This is the first article of a three-part series called, “The New Era of Faith”. Today is, “A Brief History of Fundamentalism” in which we look back and look at how we’ve arrived at our current trajectory. Later this week, “The Greatest Generation (Gap)”, and discuss the current cultural forces that divide two generations of faith in very historically unique ways. Finally, we’ll end with, “A Church in Transition, But To Where?” and bring it all together and explore the future of faith in America.
Recent controversy across the body of Christ resurrected some old arguments which were, consciously or unconsciously, used as the framework to conduct new ones. Marriage and media were merely this week’s context to hold, online and in real-time, centuries-old debates between the conservative establishment and the restless progressive. However, the modern mode of ultra-fast communication has changed more than how we talk about issues of faith with one another. The social media world has empowered a generation of disaffected, smart young thinkers like few other times in church history. The pioneer faith of early America is transitioning to the progressive faith of the 21st century. What will American Christianity look like a decade from now?
How did we get here?
The faith of our great-grandfathers had waned and mostly disappeared long ago, before many current young evangelicals were ever born. Yet the echoes of what was known as the holiness movement still have an impact on faith in America today. Some critics see the holiness movement as a mixed legacy of false piety and legalism mingled with a sincere desire to please God among its adherents. There may be some truth to that side of the story.
There is another side to it as well. These believers were our grandfathers and grandmothers. They represented the end of an era. The faith passed down to them had enjoyed a long, rich history involving some of the giants of Protestant history. Movements swelled and receded, only to swell again like the tides of the oceans. Denominations were born and are now fading from memory and influence. For two centuries – from 1730 to 1930 – this movement of holiness had a profound impact on believers as well as early Colonial, and then later American, government, culture, and social reform.
Holiness adherents helped to spark revolutions and abolition movements, change laws and cultural norms, and even affected the American Constitution itself.¹ Its practitioners could often be found in the late 19th and early 20th century honoring the spirit of John Wesley, showing the love of Christ to the outcasts of society and bringing them tenderly into the kingdom of God. I do not say this to endorse the holiness movement. I say this because there is always more to the story than the ideas we disagree with and the expressions of faith that we reject.
I say these things because today’s Christians have, seemingly, lost some of their history and their heritage. I don’t want to merely “chew meat” and “spit bones”. I want to remember my family in the faith and love them, warts and all. Learning to do so will help me practice the same love for my family in Christ today. I want to learn how to disagree with honor and tenderness and humility while remembering the story of how we got here.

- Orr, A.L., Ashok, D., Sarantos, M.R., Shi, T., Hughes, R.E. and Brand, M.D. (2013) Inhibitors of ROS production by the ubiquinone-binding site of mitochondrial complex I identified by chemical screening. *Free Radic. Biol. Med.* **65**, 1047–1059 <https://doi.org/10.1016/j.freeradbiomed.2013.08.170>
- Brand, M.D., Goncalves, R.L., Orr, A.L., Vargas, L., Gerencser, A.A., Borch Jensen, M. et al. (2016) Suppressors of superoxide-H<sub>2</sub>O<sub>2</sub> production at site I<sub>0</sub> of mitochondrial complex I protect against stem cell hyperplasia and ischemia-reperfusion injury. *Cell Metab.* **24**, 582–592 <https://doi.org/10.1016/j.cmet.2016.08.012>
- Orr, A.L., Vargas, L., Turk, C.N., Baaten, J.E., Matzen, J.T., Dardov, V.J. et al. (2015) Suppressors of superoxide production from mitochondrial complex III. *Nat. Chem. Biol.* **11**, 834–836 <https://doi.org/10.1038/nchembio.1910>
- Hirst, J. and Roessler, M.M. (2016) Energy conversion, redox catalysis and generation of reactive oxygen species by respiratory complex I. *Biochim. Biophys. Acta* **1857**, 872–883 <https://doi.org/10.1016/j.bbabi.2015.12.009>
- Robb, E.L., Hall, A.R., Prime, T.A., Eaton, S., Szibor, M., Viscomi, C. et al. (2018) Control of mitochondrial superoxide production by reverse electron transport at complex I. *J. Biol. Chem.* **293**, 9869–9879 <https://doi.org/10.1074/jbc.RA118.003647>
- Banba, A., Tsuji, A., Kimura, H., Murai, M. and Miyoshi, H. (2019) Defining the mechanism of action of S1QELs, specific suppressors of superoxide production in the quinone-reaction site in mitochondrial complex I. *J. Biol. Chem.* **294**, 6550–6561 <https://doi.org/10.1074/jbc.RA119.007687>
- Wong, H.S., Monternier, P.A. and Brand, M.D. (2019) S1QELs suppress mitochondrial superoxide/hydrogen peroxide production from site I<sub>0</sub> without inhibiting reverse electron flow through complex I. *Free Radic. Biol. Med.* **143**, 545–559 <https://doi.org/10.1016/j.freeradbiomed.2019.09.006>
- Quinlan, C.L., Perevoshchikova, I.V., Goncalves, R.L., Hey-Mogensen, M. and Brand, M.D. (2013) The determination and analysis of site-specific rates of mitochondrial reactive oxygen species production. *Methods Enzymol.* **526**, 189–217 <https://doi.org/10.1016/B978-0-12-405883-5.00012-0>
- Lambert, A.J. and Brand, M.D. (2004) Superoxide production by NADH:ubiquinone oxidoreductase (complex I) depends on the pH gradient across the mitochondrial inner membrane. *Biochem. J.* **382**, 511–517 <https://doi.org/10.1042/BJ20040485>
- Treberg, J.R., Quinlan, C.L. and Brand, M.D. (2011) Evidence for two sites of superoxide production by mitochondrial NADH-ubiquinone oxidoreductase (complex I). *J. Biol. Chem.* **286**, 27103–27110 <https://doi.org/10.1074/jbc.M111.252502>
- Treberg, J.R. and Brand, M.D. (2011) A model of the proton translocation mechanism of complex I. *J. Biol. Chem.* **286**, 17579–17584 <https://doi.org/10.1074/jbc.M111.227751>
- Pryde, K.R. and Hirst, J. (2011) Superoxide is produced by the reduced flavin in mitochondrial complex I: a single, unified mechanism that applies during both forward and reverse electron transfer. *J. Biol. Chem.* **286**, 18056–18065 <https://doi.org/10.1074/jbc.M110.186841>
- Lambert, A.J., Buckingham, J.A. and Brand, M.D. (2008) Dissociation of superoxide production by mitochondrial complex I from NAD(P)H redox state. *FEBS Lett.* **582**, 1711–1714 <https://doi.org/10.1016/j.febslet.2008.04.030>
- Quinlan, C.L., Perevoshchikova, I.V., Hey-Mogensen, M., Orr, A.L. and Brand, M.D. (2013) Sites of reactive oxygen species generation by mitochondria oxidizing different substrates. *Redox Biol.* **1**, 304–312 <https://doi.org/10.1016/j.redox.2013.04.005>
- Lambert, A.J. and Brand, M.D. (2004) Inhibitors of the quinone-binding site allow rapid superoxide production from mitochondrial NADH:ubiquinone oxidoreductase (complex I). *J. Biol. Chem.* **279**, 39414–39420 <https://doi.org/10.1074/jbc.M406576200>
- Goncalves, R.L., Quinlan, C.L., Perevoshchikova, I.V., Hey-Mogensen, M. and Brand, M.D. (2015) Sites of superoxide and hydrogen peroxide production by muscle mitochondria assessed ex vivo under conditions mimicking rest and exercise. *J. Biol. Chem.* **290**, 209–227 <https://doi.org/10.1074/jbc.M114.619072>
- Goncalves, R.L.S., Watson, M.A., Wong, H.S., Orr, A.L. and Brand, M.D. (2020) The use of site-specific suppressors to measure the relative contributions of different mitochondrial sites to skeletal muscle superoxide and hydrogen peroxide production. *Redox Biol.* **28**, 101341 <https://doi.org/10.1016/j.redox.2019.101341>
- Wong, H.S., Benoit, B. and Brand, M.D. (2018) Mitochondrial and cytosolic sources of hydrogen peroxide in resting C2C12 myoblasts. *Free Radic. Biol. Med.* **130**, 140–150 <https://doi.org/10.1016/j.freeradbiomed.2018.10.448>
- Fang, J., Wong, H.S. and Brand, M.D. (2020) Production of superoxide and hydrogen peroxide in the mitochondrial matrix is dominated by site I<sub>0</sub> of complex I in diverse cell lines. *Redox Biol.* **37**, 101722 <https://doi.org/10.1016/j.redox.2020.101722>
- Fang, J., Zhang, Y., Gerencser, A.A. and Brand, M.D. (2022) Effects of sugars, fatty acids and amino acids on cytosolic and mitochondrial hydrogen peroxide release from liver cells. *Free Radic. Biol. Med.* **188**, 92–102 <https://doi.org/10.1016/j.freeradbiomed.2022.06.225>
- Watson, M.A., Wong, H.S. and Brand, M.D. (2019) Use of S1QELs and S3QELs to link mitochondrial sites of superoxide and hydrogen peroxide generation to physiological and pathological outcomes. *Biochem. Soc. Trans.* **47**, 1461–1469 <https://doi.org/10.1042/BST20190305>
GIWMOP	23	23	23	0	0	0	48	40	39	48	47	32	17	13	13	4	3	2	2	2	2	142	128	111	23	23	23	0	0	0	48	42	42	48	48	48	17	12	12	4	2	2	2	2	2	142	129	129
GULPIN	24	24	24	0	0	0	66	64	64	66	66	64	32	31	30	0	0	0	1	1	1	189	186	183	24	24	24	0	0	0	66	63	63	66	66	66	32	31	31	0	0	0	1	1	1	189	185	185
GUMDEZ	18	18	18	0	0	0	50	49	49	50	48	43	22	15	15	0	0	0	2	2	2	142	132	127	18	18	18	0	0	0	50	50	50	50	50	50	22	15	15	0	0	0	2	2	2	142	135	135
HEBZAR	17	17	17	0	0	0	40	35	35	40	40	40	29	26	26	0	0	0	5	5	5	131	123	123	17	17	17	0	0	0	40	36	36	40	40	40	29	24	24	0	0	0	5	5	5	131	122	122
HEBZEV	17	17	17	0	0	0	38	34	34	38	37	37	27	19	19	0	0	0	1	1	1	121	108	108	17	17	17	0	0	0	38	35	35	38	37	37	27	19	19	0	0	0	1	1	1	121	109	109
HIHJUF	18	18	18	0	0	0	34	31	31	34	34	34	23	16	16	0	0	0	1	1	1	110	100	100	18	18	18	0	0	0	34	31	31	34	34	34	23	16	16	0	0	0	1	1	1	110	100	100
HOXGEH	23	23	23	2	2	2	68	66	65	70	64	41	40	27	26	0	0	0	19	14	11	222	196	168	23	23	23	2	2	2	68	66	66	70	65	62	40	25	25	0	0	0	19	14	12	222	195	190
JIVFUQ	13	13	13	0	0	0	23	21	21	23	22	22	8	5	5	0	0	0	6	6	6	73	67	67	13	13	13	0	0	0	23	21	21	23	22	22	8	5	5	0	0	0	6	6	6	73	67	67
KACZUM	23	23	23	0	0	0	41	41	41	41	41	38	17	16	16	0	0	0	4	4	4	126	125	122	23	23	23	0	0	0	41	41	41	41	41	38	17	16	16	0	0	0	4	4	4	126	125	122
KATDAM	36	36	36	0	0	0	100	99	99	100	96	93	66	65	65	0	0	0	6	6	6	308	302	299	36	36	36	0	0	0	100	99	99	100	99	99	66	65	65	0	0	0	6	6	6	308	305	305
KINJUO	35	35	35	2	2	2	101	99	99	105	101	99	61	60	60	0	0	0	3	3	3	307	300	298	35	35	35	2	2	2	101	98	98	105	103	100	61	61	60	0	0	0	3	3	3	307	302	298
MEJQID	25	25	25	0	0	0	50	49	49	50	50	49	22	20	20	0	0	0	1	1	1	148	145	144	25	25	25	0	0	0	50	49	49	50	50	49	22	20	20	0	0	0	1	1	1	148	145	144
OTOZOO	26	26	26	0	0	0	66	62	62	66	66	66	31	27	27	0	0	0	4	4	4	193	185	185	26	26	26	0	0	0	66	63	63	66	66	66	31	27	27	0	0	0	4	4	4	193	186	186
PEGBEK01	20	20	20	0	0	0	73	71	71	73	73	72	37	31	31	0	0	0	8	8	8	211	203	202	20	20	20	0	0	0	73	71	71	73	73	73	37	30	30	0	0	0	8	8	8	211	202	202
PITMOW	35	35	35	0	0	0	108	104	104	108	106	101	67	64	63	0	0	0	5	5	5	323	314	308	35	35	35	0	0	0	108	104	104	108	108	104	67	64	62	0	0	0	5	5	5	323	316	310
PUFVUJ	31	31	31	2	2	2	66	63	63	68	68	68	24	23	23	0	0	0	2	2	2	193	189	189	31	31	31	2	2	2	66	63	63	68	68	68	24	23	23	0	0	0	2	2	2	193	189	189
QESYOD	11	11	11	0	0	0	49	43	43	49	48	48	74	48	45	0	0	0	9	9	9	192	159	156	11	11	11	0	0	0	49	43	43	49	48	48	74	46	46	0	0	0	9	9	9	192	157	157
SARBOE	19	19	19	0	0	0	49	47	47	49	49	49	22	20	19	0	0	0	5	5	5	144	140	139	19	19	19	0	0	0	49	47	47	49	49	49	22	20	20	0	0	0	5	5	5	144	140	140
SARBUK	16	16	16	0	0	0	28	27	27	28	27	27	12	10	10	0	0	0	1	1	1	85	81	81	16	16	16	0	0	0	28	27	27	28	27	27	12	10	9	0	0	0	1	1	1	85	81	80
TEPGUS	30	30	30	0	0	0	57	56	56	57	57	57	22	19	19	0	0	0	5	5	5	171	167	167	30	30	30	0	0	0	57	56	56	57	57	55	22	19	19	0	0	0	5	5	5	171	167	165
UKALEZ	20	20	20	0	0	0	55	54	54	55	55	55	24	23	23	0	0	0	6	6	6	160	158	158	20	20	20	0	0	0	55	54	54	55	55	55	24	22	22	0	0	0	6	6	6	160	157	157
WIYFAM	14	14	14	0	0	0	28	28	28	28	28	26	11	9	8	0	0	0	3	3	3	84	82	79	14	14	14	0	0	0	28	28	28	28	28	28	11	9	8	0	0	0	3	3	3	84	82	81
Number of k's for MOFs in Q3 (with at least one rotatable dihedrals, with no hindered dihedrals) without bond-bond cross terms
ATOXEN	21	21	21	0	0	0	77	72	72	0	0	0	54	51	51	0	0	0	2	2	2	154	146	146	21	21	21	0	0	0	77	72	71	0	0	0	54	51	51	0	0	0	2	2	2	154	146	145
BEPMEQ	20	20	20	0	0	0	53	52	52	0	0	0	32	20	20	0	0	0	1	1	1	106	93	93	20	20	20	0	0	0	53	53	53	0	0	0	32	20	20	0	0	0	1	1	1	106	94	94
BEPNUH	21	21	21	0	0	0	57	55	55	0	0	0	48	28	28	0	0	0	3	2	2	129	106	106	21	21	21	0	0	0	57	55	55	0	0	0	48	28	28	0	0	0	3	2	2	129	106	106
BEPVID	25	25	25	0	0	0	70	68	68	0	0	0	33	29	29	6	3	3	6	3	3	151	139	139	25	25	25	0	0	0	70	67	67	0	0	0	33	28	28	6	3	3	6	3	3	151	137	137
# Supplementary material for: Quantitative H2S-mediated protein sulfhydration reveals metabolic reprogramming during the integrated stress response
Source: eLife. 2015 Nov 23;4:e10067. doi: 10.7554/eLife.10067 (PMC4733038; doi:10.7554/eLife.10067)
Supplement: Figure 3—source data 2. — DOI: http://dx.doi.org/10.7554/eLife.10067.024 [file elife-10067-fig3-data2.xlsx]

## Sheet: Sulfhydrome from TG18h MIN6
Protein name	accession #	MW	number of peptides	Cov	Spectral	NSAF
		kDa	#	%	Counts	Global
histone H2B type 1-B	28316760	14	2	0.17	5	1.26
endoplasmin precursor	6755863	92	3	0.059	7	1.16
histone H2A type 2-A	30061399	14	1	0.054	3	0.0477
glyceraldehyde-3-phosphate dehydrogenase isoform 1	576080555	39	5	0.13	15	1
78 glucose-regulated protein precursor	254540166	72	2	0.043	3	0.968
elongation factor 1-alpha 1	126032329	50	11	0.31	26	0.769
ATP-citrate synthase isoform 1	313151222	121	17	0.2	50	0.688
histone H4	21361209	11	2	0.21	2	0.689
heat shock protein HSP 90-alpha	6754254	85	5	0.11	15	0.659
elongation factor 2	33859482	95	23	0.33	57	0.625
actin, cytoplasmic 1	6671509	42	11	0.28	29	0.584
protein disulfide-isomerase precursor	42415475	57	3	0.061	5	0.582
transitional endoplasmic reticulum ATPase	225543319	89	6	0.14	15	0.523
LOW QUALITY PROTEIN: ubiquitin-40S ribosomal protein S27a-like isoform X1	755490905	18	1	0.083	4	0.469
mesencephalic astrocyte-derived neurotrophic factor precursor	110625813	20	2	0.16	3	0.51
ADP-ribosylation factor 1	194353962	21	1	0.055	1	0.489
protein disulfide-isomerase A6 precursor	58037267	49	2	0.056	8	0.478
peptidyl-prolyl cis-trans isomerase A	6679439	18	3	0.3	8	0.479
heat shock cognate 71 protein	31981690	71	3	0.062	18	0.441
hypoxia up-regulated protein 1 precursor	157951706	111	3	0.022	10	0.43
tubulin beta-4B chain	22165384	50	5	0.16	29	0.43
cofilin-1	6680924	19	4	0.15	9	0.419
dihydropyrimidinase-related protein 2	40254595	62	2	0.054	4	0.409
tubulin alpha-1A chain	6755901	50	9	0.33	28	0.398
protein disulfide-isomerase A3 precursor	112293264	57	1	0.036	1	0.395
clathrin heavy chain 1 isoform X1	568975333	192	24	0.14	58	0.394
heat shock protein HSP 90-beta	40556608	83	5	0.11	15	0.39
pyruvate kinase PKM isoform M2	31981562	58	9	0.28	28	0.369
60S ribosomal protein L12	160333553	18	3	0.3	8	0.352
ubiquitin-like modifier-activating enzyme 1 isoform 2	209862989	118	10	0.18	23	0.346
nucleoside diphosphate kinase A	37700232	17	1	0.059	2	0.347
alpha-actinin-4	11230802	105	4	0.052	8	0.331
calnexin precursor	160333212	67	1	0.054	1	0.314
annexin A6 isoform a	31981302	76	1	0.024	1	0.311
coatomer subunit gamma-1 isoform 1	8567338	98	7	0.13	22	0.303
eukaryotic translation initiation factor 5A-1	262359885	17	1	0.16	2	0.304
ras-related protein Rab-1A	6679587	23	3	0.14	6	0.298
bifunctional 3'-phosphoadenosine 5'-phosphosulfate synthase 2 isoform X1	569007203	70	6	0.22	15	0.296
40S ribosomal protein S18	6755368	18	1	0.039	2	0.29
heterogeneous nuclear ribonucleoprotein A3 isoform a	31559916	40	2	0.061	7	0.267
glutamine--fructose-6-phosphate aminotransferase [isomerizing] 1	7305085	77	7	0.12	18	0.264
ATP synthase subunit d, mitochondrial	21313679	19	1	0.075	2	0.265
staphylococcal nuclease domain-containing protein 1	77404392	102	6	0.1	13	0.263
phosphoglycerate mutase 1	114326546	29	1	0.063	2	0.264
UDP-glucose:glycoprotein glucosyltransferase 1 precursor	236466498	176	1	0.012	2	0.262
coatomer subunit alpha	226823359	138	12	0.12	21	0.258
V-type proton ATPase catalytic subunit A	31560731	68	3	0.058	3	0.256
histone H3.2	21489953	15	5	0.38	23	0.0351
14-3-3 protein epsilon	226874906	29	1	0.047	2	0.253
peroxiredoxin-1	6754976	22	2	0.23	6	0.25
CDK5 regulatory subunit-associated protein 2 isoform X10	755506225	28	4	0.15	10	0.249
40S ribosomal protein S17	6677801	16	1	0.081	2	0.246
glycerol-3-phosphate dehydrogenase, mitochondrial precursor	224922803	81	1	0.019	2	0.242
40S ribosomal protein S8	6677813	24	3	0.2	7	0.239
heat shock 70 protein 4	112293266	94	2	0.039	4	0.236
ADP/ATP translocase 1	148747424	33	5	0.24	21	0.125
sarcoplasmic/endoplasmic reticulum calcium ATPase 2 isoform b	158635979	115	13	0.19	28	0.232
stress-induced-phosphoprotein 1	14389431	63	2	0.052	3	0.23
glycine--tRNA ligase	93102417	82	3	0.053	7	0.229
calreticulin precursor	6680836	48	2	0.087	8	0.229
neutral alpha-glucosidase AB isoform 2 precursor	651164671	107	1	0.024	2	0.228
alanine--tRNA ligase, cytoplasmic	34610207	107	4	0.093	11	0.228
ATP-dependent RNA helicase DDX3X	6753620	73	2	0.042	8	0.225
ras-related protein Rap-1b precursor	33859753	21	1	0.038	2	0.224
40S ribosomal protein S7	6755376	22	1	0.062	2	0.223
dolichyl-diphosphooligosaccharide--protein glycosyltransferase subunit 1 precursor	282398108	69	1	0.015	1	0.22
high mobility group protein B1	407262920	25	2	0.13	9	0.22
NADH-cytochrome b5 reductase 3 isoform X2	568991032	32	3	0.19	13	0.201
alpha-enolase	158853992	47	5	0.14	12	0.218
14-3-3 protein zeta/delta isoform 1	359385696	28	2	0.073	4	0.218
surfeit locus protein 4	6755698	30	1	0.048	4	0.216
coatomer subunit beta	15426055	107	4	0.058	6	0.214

We live in the era of the dogmatic overreaction. We do not know how to disagree with one another. It’s okay. Our great-grandparents – and their parents – did not know how to disagree either.
Roots of 20th Century Fundamentalism
From the earliest days of the Protestant Reformation, you can follow a strand of piety in the lives and writings of the saints that ran from the Anabaptists through the Puritans to the Methodists. Each group had their own motivations and distinctions, but these groups can all be connected to a common desire: holiness.
The Methodists, led by the brothers John and Charles Wesley, helped to spearhead a movement of holiness and a reach for perfection that rode on the wave of the First Great Awakening. The spiritual awakening ignited by such theologians and preachers such as Jonathan Edwards and George Whitfield preceded the “Methodology” of the Wesley brothers to discover how far grace could take the human heart in living a holy life. The call of the Methodists was a call to holiness of heart connected to the power of the Holy Spirit.
This movement of holiness moved throughout the body of Christ in America in a way that was not solely tied to the Methodist movement or any single denomination. The later power of the Second Great Awakening to awaken and transform the lost across America – and the explosion of church planting and denominational growth – seemed to usher in a new era of faith in the American church which some imagined would usher in an era of righteousness and glory unlike any that Christians had ever witnessed.²
Then something catastrophic happened – a destroyer of dreams. The brutality, carnage, and pure wickedness in the hearts of men were graphically expressed through the American Civil War. What our generation forgets is that, for the generation that lived through it, a righteous end did not really salve the pain of the bloody wound that the Civil War ripped into this nation. We rightfully and joyfully celebrate the ending of slavery in this nation. Yet the steadfast abolitionists who won the day in their era were also personally scarred by the means to a national deliverance.